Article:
One of the smartest things President Bush did to reduce recovery costs in the aftermath of Hurricanes Katrina and Rita was to suspend Davis-Bacon Act rules in the hardest hit states. But Congress is frantically trying to overrule the president, which would add billions of dollars to the already staggering recovery costs.
Davis-Bacon, a relic of the early 1930s, sets minimum wage levels and other labor rules on federally funded construction projects. And because it mandates that a union-comparable wage be paid to every worker on such projects, the law unnecessarily increases the burden on taxpayers who pay for these projects. It’s long been a target of fiscal watchdogs, but persists at the insistence of big labor and big spenders.
In a bid to reduce recovery costs and reduce the regulatory burdens facing contractors cleaning up after the hurricanes, Bush on Sept. 8 ordered the law be suspended for federal projects in a five-state impact area. We wish he would go further and push to do away with Davis-Bacon altogether. But a full scale drive is on in Washington to override the president’s decision, led by labor unions, Democrats and political leaders from the Gulf states. Unless it is turned back, the already staggering costs of recovery will likely grow considerably.
The restore Davis-Bacon Act effort kicked off Monday, with Michigan Sen. Carl Levin, a predictable mouthpiece for big labor, claiming the administration was “trying to take advantage of a natural disaster” to avoid paying a “prevailing wage” to disaster recovery workers. Chiming in were Louisiana Sen. Mary Landrieu and Senate Minority Leader Harry Reid of Nevada, both Democrats. At least 204 members of the House have signed onto a bill by Rep. George Miller, D-Calif., aimed at overruling the president and reinstating the law.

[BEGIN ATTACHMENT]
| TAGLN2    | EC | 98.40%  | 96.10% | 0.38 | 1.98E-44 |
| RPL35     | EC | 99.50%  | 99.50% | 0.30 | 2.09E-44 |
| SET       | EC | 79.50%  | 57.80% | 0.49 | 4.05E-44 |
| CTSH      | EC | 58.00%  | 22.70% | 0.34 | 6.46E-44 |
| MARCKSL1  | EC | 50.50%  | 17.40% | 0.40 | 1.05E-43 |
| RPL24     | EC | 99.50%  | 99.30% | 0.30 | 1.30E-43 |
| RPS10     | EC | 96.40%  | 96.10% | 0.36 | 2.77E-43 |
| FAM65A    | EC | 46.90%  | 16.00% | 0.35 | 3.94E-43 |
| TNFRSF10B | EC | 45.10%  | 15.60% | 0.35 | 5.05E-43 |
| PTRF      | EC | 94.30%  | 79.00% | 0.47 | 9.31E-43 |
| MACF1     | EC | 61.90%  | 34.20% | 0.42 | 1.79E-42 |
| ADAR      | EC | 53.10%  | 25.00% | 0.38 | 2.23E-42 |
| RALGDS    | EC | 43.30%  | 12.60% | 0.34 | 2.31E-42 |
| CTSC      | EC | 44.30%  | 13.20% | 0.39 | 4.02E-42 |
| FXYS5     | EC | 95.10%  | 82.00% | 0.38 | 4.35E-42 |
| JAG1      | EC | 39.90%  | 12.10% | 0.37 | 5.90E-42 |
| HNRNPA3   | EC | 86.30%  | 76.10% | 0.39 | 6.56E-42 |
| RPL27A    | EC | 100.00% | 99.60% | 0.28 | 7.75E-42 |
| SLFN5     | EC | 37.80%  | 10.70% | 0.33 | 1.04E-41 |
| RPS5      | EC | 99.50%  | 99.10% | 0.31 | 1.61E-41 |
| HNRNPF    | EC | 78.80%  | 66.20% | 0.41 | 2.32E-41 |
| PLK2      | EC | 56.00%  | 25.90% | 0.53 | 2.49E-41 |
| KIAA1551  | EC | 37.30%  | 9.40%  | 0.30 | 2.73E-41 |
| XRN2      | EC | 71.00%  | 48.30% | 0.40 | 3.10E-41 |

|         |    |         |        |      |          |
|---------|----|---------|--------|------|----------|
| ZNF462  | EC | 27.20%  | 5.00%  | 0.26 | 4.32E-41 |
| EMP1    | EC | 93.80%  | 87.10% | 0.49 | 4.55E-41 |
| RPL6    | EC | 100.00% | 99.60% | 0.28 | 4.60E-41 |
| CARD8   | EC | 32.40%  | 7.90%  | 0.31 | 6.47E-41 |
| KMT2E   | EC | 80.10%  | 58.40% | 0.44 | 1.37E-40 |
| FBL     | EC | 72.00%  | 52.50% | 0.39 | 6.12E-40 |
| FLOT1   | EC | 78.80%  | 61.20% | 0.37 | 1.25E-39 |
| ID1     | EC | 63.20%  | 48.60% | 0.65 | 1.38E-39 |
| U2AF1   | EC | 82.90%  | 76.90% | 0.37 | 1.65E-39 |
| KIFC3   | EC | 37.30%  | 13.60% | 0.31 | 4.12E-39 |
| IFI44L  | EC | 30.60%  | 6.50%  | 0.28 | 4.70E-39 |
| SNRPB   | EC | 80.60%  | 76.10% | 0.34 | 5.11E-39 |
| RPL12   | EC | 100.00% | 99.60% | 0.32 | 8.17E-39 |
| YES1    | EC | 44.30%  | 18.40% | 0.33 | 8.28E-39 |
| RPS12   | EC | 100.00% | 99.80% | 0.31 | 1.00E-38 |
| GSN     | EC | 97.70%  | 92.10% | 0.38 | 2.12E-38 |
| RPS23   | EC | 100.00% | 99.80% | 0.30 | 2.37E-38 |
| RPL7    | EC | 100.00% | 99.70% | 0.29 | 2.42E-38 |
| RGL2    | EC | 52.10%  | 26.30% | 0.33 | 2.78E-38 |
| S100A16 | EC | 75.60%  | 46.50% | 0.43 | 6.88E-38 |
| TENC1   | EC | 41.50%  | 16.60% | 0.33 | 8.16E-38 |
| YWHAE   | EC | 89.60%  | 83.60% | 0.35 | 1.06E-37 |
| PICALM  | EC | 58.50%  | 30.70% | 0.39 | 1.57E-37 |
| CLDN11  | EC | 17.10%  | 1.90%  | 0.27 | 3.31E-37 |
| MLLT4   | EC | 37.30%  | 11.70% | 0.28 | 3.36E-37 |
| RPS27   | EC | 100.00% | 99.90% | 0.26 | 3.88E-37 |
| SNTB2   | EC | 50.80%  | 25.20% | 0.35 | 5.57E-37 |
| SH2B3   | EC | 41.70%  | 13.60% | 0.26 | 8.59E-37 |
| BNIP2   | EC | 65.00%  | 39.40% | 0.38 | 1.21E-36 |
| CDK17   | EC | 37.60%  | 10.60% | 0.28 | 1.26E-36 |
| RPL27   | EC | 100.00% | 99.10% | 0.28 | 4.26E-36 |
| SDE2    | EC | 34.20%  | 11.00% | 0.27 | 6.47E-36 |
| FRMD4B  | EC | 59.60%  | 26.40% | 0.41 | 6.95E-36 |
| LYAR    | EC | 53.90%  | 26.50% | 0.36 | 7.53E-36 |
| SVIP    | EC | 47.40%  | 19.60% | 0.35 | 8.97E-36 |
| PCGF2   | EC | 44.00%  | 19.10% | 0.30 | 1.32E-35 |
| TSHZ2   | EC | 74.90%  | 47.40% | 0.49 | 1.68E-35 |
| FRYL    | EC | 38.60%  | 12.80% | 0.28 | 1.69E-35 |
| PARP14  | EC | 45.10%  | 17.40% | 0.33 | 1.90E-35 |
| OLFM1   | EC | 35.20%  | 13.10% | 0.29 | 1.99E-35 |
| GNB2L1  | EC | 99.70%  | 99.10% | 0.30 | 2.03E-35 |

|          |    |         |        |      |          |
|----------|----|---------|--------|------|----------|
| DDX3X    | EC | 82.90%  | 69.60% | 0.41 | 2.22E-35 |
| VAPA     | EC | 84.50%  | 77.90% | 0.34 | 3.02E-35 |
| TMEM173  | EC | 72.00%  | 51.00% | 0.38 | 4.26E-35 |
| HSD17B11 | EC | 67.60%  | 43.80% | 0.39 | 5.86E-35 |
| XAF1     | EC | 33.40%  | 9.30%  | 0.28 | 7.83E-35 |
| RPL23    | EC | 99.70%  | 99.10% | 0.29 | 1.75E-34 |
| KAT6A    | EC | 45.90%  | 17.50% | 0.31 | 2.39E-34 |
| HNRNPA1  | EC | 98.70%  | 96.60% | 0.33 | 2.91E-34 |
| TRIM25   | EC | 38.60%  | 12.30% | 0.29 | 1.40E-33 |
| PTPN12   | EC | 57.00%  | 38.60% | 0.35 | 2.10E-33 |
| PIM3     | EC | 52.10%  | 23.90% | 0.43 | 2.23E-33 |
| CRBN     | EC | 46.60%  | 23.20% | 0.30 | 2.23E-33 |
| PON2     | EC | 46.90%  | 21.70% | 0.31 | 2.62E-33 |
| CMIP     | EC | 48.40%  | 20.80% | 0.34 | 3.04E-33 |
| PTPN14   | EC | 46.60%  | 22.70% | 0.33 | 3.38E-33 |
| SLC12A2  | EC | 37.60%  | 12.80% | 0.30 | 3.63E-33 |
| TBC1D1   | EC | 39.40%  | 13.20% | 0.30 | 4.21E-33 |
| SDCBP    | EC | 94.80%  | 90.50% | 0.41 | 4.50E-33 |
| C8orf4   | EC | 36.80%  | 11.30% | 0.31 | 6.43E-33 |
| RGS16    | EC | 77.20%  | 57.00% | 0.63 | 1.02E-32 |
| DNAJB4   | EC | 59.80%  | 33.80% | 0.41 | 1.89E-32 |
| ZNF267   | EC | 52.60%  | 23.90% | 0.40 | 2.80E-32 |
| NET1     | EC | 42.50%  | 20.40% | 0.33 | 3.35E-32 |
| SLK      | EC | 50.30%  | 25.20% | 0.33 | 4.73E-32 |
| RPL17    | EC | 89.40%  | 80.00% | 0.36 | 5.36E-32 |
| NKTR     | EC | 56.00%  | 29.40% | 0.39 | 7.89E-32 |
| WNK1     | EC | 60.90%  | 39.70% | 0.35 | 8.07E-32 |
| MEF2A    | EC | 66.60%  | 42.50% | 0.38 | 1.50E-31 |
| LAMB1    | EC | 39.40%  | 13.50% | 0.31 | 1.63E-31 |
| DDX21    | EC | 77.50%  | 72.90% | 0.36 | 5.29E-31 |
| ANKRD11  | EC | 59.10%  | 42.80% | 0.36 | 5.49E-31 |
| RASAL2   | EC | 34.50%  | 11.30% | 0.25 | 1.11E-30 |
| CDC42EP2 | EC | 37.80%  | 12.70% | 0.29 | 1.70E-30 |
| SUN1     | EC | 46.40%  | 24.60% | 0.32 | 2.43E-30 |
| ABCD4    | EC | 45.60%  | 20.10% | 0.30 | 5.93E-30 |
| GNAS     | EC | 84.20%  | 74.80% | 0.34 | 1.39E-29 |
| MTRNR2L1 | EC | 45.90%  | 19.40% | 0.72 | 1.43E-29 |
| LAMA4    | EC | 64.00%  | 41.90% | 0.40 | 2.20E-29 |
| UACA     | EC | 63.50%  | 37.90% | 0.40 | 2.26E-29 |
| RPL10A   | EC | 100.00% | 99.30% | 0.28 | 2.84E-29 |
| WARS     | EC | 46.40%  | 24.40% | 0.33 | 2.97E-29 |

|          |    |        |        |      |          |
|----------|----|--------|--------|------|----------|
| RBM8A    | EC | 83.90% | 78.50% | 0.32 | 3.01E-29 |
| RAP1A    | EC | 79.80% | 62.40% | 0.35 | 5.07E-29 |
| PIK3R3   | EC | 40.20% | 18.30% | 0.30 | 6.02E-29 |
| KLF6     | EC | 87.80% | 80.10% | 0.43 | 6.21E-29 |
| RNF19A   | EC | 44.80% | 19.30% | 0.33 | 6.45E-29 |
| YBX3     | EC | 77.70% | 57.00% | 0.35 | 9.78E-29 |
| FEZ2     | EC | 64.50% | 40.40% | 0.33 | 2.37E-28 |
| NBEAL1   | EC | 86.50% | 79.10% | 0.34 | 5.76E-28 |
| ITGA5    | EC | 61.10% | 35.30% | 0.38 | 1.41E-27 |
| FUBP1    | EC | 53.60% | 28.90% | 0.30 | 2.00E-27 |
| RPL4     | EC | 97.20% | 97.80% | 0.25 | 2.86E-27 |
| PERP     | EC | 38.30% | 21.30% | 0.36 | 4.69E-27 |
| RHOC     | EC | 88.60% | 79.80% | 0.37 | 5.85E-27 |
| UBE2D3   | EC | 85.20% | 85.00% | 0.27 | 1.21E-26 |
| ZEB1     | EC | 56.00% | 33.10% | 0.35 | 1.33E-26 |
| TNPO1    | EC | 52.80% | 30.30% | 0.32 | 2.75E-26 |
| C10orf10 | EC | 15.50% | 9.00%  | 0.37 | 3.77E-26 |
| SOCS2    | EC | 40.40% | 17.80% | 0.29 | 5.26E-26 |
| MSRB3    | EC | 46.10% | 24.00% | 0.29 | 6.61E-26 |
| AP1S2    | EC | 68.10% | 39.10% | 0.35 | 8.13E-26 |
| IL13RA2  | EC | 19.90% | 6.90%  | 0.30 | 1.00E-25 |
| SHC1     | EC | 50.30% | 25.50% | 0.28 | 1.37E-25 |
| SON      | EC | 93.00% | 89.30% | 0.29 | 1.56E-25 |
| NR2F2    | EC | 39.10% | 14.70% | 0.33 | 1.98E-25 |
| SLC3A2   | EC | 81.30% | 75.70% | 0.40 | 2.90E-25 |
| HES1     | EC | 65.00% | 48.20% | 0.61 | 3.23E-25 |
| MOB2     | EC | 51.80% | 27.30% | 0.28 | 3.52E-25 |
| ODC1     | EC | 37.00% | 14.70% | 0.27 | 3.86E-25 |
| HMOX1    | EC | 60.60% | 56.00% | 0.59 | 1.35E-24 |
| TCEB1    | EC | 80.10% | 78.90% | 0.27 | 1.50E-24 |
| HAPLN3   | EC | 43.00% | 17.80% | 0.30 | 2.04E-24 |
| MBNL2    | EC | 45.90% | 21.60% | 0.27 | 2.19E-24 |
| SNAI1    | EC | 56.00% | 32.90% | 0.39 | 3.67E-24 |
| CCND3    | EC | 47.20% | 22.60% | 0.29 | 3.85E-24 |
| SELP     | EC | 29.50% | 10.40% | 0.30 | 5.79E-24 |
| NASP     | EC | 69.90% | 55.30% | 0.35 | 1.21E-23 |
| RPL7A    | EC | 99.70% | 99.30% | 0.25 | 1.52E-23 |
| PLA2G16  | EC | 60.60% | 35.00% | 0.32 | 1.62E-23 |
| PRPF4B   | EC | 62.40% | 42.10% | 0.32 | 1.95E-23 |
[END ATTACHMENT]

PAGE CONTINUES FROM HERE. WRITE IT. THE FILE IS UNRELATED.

Miller has called the president “immoral” for suspending the rules. We define morality differently than Miller, however. Is it moral to ask taxpayers already facing an estimated $200 billion in rebuilding costs to pay higher-than-necessary wages just to line the pockets of a key Democratic Party constituency group? In this case, we think morality calls for minimizing the rebuilding costs and the burden on taxpayers as much as possible.
Davis-Bacon was designed to insulate big labor from the impacts as wages plummeted during the Depression, even while the federal government was embarking on a New Deal building boom. The rules had another effect popular with Jim Crow types: They kept blacks and immigrants off these work sites. The bill also foolishly gave contractors the power to decide for themselves how to define “prevailing wage,” leaving government agencies little leverage in trying to reduce labor costs.
Not only does the act drive up construction costs and add paperwork burdens on contractors, but it prohibits anyone on a job site from earning less than the prevailing wage, even if they are unskilled, entry-level workers. It also bars contractors from using a worker cross-trained as an electrician and a carpenter from performing both functions, compartmentalizing and bloating the workforce.
This is a free country. No one is dragged off the street and forced to work on a federal construction project. The high demand for skilled workers in the Gulf region will ensure that opportunities are plentiful and wages competitive. If workers aren’t being paid equitably, they have the option to go elsewhere.
Setting a high Davis-Bacon-mandated minimum wage will actually limit the opportunities for entry-level workers hoping for a chance to pick up the skills that will earn them higher wages in the future. And if this is truly a national emergency, big labor and the big spenders just might have to give up their front row seat at the federal trough.
We urge every member of New Mexico’s and Texas’ congressional delegation to oppose any effort to reverse the president’s prudent — and, yes, moral — decision to suspend Davis-Bacon. And if anything, they should be pushing for its permanent repeal.